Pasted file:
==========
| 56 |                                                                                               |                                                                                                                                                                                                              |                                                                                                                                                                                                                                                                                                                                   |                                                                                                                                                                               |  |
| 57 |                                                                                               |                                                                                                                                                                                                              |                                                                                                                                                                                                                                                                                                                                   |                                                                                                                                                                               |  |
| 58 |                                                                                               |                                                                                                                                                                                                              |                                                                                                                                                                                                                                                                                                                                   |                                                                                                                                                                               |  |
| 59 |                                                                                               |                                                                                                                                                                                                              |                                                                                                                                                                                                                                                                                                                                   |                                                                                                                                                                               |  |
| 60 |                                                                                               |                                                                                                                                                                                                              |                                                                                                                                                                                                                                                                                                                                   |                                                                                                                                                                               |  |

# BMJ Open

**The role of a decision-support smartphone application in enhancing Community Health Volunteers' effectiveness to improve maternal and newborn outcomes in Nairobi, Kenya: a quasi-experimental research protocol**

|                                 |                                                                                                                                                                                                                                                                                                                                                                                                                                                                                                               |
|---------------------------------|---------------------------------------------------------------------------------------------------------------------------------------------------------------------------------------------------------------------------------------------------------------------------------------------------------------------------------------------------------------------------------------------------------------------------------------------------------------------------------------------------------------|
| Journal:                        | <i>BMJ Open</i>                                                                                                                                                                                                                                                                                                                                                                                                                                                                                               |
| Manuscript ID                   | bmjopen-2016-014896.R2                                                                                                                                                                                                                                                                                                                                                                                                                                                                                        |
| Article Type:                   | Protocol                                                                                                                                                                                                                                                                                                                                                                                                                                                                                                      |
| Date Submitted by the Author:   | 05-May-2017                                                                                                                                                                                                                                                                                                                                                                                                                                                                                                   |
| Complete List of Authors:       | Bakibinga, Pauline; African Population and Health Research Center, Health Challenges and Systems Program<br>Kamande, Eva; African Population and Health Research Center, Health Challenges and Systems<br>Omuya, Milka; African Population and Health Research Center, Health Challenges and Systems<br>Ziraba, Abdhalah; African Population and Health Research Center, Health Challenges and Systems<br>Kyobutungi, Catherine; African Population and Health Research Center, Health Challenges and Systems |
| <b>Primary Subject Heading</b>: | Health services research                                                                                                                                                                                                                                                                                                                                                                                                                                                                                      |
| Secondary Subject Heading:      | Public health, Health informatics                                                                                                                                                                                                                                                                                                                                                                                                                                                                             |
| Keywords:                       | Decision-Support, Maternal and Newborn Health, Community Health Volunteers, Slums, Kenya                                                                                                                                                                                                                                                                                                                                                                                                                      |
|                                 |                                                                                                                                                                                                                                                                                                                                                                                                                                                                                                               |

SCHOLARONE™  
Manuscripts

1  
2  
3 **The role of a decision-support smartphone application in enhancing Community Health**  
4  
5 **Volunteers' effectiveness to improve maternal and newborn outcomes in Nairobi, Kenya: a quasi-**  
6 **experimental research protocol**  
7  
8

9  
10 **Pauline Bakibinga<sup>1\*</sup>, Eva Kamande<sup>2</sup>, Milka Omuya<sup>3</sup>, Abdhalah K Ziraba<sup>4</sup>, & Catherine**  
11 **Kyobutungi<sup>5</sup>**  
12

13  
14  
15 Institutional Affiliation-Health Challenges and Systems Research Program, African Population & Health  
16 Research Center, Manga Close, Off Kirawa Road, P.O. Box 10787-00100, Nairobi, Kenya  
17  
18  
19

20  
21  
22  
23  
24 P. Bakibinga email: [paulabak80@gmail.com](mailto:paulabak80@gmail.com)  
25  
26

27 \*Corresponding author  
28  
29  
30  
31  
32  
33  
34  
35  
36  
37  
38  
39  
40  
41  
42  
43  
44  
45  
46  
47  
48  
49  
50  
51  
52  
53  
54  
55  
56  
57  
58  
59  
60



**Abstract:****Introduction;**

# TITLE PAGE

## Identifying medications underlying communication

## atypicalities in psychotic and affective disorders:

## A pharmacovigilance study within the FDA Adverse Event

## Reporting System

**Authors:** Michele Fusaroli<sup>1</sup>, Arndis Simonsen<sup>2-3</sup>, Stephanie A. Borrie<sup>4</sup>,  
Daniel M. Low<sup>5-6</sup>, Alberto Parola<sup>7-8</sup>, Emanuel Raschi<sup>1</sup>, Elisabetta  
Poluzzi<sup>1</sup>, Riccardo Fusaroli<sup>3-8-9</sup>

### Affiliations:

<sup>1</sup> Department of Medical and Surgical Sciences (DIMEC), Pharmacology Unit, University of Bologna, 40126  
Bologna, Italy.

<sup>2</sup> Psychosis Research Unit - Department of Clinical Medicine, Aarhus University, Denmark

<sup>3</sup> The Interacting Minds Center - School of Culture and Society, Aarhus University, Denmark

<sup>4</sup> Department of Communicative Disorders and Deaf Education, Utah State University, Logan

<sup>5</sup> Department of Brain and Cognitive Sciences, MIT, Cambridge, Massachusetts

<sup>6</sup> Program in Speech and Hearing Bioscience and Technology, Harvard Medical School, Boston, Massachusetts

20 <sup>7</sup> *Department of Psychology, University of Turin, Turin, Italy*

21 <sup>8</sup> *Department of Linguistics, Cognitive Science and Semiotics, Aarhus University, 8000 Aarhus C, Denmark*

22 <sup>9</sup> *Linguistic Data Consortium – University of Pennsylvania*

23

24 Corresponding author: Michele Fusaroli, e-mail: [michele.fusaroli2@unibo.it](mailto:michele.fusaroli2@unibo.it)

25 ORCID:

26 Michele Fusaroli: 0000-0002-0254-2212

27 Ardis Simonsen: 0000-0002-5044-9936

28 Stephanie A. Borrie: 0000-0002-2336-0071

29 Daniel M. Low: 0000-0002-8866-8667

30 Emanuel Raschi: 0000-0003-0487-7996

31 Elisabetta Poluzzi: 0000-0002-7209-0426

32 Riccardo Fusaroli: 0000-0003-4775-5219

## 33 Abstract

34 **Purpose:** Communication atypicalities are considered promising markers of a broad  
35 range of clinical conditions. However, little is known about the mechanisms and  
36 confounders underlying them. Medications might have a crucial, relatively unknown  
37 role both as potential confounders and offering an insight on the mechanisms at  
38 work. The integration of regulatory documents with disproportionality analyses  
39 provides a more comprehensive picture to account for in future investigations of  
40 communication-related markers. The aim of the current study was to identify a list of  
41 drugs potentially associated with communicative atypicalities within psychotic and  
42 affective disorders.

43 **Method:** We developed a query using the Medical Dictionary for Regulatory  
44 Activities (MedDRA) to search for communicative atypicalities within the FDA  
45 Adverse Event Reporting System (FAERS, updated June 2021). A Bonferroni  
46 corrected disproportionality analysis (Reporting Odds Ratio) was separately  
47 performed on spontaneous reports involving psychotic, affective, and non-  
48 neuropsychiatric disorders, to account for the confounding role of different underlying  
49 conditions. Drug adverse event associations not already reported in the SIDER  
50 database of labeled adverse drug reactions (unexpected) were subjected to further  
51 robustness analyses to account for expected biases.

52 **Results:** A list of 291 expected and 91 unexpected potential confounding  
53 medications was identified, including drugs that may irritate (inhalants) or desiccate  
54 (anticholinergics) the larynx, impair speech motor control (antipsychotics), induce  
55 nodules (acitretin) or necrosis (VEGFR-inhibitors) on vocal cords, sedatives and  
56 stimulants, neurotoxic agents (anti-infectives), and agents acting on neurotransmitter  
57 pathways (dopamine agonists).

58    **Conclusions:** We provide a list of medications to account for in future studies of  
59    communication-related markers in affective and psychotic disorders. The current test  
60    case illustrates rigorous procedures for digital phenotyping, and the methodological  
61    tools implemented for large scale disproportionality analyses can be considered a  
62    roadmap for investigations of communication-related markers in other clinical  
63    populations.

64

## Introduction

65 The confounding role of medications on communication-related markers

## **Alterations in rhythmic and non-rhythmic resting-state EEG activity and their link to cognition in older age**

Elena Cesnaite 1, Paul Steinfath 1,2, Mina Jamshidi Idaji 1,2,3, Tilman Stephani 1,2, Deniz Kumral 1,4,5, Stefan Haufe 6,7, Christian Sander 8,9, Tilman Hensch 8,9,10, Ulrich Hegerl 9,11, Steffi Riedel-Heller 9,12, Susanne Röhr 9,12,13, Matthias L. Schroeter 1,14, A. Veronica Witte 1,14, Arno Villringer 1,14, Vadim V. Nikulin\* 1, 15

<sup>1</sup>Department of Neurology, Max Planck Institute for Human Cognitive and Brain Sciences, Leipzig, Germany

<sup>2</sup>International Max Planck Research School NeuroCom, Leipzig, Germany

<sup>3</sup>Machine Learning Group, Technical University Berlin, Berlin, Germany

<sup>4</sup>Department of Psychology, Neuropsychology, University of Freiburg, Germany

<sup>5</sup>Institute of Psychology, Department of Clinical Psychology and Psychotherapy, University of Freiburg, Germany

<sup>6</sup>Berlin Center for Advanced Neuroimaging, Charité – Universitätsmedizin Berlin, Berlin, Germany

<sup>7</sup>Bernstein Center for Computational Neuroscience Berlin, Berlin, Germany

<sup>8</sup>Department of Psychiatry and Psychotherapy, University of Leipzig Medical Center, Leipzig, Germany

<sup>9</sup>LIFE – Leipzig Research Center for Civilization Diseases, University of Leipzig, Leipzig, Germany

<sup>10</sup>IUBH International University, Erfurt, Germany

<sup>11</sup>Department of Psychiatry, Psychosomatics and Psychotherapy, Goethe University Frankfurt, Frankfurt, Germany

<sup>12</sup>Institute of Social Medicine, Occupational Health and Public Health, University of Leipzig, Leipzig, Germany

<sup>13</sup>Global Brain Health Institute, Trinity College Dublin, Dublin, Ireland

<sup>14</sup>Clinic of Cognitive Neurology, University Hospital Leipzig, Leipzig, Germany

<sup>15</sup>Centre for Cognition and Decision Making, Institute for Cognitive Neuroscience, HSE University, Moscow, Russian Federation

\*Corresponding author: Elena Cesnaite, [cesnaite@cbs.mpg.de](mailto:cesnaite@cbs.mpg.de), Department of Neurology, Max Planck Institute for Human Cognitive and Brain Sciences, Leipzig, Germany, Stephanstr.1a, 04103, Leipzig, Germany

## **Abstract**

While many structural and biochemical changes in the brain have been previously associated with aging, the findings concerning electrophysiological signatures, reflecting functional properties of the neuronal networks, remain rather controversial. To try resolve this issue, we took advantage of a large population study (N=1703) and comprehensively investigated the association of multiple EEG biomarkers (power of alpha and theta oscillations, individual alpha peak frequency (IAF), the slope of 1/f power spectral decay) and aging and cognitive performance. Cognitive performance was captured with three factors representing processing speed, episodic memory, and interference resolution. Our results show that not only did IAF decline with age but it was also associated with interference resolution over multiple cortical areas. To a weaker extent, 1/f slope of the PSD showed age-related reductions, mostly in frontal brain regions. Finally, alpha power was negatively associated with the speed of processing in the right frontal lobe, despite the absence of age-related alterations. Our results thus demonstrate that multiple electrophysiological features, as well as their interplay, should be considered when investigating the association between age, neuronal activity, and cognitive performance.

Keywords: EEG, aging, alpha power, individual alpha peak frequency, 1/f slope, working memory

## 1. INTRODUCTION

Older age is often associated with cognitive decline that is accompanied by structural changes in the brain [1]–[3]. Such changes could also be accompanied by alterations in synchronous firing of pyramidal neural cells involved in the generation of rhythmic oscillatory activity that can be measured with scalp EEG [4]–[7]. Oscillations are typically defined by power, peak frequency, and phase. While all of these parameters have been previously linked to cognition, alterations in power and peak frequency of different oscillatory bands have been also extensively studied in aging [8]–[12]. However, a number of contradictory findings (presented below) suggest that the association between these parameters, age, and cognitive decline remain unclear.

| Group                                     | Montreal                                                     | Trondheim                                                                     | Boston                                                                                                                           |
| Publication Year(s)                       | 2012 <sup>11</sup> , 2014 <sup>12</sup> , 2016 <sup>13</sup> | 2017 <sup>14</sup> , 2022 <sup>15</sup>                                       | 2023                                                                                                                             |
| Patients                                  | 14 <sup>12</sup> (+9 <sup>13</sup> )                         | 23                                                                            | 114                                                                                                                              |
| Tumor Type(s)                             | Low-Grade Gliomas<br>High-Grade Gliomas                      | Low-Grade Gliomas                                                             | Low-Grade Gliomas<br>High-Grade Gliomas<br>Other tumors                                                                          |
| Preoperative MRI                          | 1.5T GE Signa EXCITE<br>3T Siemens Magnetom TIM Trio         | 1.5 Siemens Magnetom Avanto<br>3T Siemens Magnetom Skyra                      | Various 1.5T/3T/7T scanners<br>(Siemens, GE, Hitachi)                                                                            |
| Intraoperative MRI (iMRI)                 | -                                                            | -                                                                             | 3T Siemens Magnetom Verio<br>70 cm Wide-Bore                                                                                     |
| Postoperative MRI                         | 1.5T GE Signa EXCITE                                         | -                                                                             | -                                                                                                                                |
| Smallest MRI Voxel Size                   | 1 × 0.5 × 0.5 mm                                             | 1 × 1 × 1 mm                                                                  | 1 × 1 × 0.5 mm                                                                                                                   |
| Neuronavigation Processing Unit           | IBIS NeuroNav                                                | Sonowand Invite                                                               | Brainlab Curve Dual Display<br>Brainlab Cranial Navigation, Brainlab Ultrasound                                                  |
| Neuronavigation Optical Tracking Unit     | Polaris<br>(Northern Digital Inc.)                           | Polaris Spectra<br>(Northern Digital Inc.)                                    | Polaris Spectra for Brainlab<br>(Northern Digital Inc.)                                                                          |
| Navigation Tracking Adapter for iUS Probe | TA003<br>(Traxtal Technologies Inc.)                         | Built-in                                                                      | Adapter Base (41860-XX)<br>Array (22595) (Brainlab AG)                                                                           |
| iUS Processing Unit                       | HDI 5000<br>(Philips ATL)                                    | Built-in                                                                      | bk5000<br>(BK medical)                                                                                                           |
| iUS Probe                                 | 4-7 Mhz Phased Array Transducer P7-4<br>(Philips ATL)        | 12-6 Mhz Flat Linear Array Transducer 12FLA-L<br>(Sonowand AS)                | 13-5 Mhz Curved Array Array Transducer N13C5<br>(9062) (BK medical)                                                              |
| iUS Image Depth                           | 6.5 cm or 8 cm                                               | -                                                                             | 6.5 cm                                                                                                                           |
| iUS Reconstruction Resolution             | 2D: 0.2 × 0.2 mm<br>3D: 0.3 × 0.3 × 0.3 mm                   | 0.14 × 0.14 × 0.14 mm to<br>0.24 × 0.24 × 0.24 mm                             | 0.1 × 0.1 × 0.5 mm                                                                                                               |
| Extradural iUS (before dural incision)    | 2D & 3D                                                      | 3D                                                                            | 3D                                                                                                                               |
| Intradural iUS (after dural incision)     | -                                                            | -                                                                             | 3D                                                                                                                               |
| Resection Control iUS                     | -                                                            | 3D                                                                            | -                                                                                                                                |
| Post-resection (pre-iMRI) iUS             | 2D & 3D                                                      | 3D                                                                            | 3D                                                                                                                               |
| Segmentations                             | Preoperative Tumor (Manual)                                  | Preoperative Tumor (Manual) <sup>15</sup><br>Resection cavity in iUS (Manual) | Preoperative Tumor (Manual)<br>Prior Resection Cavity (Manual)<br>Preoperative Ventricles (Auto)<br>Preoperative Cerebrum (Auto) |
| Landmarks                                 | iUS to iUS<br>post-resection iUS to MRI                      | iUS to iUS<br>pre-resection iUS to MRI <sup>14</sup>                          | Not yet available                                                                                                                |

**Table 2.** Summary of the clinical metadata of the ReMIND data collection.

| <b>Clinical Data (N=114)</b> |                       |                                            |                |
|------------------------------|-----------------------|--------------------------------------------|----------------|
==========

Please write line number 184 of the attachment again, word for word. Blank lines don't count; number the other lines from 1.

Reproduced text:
| Intradural iUS (after dural incision)     | -                                                            | -                                                                             | 3D                                                                                                                               |